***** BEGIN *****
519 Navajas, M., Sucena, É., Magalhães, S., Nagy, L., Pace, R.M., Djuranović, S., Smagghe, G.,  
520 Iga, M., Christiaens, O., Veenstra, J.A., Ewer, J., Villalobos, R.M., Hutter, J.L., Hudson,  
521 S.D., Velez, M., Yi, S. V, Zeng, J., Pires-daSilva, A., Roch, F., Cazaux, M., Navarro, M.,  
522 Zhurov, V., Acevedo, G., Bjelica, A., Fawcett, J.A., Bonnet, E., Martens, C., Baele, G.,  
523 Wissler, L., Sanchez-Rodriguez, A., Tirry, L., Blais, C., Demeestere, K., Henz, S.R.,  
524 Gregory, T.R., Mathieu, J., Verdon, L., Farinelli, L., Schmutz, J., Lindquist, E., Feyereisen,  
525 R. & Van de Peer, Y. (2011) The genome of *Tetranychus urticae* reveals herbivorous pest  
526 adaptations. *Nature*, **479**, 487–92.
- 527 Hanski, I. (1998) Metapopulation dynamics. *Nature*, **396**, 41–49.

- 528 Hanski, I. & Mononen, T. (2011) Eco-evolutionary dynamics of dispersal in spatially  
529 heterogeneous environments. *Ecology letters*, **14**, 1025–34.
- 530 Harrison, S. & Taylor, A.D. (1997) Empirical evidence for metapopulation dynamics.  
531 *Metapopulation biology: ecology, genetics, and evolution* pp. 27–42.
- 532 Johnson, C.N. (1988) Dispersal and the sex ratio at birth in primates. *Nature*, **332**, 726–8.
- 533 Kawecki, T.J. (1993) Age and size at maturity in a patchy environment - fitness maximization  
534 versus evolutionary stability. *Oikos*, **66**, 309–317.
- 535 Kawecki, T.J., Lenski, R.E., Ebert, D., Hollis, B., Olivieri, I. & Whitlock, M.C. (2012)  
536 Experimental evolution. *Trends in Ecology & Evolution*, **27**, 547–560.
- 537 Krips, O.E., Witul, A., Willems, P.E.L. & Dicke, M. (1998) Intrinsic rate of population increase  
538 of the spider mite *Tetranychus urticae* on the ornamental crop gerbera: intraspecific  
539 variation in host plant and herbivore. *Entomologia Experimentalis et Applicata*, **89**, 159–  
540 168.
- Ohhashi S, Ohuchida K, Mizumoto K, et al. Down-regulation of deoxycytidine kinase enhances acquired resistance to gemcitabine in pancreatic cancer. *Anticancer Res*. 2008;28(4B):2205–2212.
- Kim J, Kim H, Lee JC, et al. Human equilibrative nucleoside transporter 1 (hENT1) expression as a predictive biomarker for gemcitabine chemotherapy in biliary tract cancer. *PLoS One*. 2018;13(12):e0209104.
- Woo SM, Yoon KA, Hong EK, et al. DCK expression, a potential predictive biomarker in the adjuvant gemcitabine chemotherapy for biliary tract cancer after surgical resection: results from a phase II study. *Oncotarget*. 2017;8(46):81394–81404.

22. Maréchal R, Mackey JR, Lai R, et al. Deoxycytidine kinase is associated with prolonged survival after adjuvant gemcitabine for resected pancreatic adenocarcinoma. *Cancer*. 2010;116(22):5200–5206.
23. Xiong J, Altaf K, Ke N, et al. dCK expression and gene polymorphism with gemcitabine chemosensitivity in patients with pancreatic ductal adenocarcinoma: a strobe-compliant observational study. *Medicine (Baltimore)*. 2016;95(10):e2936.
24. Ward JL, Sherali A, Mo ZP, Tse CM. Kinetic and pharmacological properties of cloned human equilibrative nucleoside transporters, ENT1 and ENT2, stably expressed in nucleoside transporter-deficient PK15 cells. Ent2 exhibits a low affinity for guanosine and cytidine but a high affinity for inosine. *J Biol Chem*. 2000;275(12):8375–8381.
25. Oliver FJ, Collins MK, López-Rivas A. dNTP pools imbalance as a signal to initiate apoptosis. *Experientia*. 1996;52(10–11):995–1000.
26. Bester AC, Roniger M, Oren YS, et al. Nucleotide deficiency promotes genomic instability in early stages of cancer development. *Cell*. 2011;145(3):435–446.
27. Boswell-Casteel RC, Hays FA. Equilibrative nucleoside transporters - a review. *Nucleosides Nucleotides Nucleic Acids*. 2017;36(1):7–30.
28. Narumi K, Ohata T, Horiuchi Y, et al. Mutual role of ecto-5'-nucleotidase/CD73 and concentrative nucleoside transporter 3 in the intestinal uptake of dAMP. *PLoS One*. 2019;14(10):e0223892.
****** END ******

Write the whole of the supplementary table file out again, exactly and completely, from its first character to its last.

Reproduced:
519 Navajas, M., Sucena, É., Magalhães, S., Nagy, L., Pace, R.M., Djuranović, S., Smagghe, G.,  
520 Iga, M., Christiaens, O., Veenstra, J.A., Ewer, J., Villalobos, R.M., Hutter, J.L., Hudson,  
521 S.D., Velez, M., Yi, S. V, Zeng, J., Pires-daSilva, A., Roch, F., Cazaux, M., Navarro, M.,  
522 Zhurov, V., Acevedo, G., Bjelica, A., Fawcett, J.A., Bonnet, E., Martens, C., Baele, G.,  
523 Wissler, L., Sanchez-Rodriguez, A., Tirry, L., Blais, C., Demeestere, K., Henz, S.R.,  
524 Gregory, T.R., Mathieu, J., Verdon, L., Farinelli, L., Schmutz, J., Lindquist, E., Feyereisen,  
525 R. & Van de Peer, Y. (2011) The genome of *Tetranychus urticae* reveals herbivorous pest  
526 adaptations. *Nature*, **479**, 487–92.
- 527 Hanski, I. (1998) Metapopulation dynamics. *Nature*, **396**, 41–49.

- 528 Hanski, I. & Mononen, T. (2011) Eco-evolutionary dynamics of dispersal in spatially  
529 heterogeneous environments. *Ecology letters*, **14**, 1025–34.
- 530 Harrison, S. & Taylor, A.D. (1997) Empirical evidence for metapopulation dynamics.  
531 *Metapopulation biology: ecology, genetics, and evolution* pp. 27–42.
- 532 Johnson, C.N. (1988) Dispersal and the sex ratio at birth in primates. *Nature*, **332**, 726–8.
- 533 Kawecki, T.J. (1993) Age and size at maturity in a patchy environment - fitness maximization  
534 versus evolutionary stability. *Oikos*, **66**, 309–317.
- 535 Kawecki, T.J., Lenski, R.E., Ebert, D., Hollis, B., Olivieri, I. & Whitlock, M.C. (2012)  
536 Experimental evolution. *Trends in Ecology & Evolution*, **27**, 547–560.
- 537 Krips, O.E., Witul, A., Willems, P.E.L. & Dicke, M. (1998) Intrinsic rate of population increase  
538 of the spider mite *Tetranychus urticae* on the ornamental crop gerbera: intraspecific  
539 variation in host plant and herbivore. *Entomologia Experimentalis et Applicata*, **89**, 159–  
540 168.
- Ohhashi S, Ohuchida K, Mizumoto K, et al. Down-regulation of deoxycytidine kinase enhances acquired resistance to gemcitabine in pancreatic cancer. *Anticancer Res*. 2008;28(4B):2205–2212.
- Kim J, Kim H, Lee JC, et al. Human equilibrative nucleoside transporter 1 (hENT1) expression as a predictive biomarker for gemcitabine chemotherapy in biliary tract cancer. *PLoS One*. 2018;13(12):e0209104.
- Woo SM, Yoon KA, Hong EK, et al. DCK expression, a potential predictive biomarker in the adjuvant gemcitabine chemotherapy for biliary tract cancer after surgical resection: results from a phase II study. *Oncotarget*. 2017;8(46):81394–81404.

22. Maréchal R, Mackey JR, Lai R, et al. Deoxycytidine kinase is associated with prolonged survival after adjuvant gemcitabine for resected pancreatic adenocarcinoma. *Cancer*. 2010;116(22):5200–5206.
23. Xiong J, Altaf K, Ke N, et al. dCK expression and gene polymorphism with gemcitabine chemosensitivity in patients with pancreatic ductal adenocarcinoma: a strobe-compliant observational study. *Medicine (Baltimore)*. 2016;95(10):e2936.
24. Ward JL, Sherali A, Mo ZP, Tse CM. Kinetic and pharmacological properties of cloned human equilibrative nucleoside transporters, ENT1 and ENT2, stably expressed in nucleoside transporter-deficient PK15 cells. Ent2 exhibits a low affinity for guanosine and cytidine but a high affinity for inosine. *J Biol Chem*. 2000;275(12):8375–8381.
25. Oliver FJ, Collins MK, López-Rivas A. dNTP pools imbalance as a signal to initiate apoptosis. *Experientia*. 1996;52(10–11):995–1000.
26. Bester AC, Roniger M, Oren YS, et al. Nucleotide deficiency promotes genomic instability in early stages of cancer development. *Cell*. 2011;145(3):435–446.
27. Boswell-Casteel RC, Hays FA. Equilibrative nucleoside transporters - a review. *Nucleosides Nucleotides Nucleic Acids*. 2017;36(1):7–30.
28. Narumi K, Ohata T, Horiuchi Y, et al. Mutual role of ecto-5'-nucleotidase/CD73 and concentrative nucleoside transporter 3 in the intestinal uptake of dAMP. *PLoS One*. 2019;14(10):e0223892.